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At the Harvard conference, Bradford said school closures during the pandemic in 2020 suddenly brought the system’s failures into “high and broad relief” for 60 million families — especially families of color and low-income families.

“If you are a Black kid in New York City, you were the least important person in America for the last two years,” he said. “And if you were a teacher in that system, you were the most important person in America during that time. And we made it very clear and explicit that that was the case. We have a system that is built upon that foundation, with those priorities. And it couldn’t get the majority of kids reading proficiently before the pandemic.”

Randi Weingarten, head of the American Federation of Teachers, one of the nation’s largest teachers unions, said she actually expected “a far higher percentage of families” to opt out of their neighborhood schools, given fears about COVID and “the volatile debates about safety protocols” over the past two years. 

AFT president Randi Weingarten (Getty Images)

That a mass exodus didn’t happen, she added, “says to me that families are valuing public schools and what a good public school is for: academics, of course, but [also] as centers of communities, where kids eat healthy meals, access health care, and find social and emotional supports.”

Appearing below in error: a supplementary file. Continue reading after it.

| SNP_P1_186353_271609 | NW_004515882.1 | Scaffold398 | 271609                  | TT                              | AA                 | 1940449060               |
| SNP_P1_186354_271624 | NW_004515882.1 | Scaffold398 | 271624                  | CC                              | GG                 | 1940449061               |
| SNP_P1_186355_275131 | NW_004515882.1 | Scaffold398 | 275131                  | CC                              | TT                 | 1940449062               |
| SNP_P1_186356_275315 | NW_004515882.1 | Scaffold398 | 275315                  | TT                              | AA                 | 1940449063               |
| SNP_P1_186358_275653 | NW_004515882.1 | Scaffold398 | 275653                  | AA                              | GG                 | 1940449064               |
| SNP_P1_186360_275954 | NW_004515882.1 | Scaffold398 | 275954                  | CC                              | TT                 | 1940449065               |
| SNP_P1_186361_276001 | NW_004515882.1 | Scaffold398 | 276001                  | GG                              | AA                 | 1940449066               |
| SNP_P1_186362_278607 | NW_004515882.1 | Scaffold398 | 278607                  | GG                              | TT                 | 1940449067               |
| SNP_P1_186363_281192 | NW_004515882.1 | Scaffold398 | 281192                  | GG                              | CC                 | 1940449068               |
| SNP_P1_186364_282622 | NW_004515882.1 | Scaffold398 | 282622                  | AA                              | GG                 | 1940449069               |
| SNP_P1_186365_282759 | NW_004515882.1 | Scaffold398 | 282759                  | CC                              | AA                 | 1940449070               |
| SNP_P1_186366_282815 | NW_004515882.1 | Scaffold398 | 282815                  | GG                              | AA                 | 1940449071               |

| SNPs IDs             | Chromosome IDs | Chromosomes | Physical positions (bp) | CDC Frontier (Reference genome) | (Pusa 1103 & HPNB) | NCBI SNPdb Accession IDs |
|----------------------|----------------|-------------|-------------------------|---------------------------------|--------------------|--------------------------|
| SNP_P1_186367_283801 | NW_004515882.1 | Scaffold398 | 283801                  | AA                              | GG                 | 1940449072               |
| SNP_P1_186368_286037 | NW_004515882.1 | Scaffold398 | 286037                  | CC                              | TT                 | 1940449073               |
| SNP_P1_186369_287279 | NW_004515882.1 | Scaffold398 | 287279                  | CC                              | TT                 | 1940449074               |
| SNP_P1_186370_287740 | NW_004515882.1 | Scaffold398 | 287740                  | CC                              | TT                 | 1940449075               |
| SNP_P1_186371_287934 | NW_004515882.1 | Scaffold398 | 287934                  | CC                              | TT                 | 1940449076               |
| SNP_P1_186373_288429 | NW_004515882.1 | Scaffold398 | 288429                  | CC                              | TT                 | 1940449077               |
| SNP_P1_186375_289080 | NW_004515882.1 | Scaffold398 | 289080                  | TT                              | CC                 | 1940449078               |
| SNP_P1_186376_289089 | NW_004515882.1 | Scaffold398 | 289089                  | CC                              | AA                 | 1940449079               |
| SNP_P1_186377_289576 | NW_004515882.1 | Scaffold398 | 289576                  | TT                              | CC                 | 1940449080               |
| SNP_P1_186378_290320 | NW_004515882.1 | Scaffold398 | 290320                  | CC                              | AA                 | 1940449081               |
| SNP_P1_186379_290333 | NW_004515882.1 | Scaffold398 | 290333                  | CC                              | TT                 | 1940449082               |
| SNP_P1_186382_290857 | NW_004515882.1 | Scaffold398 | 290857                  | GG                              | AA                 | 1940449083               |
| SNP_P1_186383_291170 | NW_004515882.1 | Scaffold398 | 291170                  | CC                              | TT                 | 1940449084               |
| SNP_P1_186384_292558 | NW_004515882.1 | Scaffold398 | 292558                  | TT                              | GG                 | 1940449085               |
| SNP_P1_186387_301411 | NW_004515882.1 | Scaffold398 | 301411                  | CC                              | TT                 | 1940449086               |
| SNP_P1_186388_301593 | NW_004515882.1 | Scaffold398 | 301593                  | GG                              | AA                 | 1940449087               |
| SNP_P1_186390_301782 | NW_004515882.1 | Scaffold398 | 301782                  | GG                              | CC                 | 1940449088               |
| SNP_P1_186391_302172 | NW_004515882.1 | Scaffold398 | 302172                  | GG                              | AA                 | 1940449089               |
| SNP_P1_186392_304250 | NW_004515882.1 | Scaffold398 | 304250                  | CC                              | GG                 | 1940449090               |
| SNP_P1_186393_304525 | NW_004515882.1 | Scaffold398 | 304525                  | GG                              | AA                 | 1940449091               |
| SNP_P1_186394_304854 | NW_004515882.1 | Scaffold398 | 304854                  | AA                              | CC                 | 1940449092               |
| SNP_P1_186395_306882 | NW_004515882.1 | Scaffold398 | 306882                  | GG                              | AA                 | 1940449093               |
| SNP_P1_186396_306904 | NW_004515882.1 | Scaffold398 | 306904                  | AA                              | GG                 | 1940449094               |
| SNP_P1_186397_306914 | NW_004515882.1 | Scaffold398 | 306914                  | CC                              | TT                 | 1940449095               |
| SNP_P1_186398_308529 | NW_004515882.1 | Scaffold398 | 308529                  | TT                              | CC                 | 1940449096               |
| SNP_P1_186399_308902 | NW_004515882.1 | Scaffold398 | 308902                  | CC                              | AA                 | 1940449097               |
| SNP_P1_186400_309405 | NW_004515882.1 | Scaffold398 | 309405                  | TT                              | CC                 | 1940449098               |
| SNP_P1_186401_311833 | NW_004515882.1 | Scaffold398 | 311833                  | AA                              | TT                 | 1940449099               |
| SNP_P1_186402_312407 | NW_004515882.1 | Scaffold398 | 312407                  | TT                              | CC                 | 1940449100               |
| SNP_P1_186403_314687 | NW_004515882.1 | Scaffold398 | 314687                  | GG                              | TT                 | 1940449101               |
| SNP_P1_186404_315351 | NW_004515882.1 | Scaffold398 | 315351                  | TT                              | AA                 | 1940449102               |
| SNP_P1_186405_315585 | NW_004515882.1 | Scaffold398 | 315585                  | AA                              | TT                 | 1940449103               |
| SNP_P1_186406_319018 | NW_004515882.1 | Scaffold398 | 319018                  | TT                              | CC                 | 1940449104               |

For her part, Weingarten has pushed to “have a different conversation” about school choice, one focused on what has worked in private settings during the pandemic — but that also treats public schools less as a commodity that families can buy than as a public good.

“We’re experiencing a crisis in our democracy in which our public schools have a really important role,” she said. “Why not try to figure out how to make this year, regardless of where we are, a year of recovery and revival for our kids and not have a year of winners and losers?”

As 2022 progresses, that seems unlikely.

EdChoice’s director of national research, Michael McShane, recently pointed out that since the beginning of 2021, more than a dozen states have created or expanded school choice programs. The group now says 18 states enacted seven new choice programs and expanded 21 existing ones. Robert Enlow, the group’s CEO, called 2021 “without a doubt” the biggest year for school choice since EdChoice has been tracking it.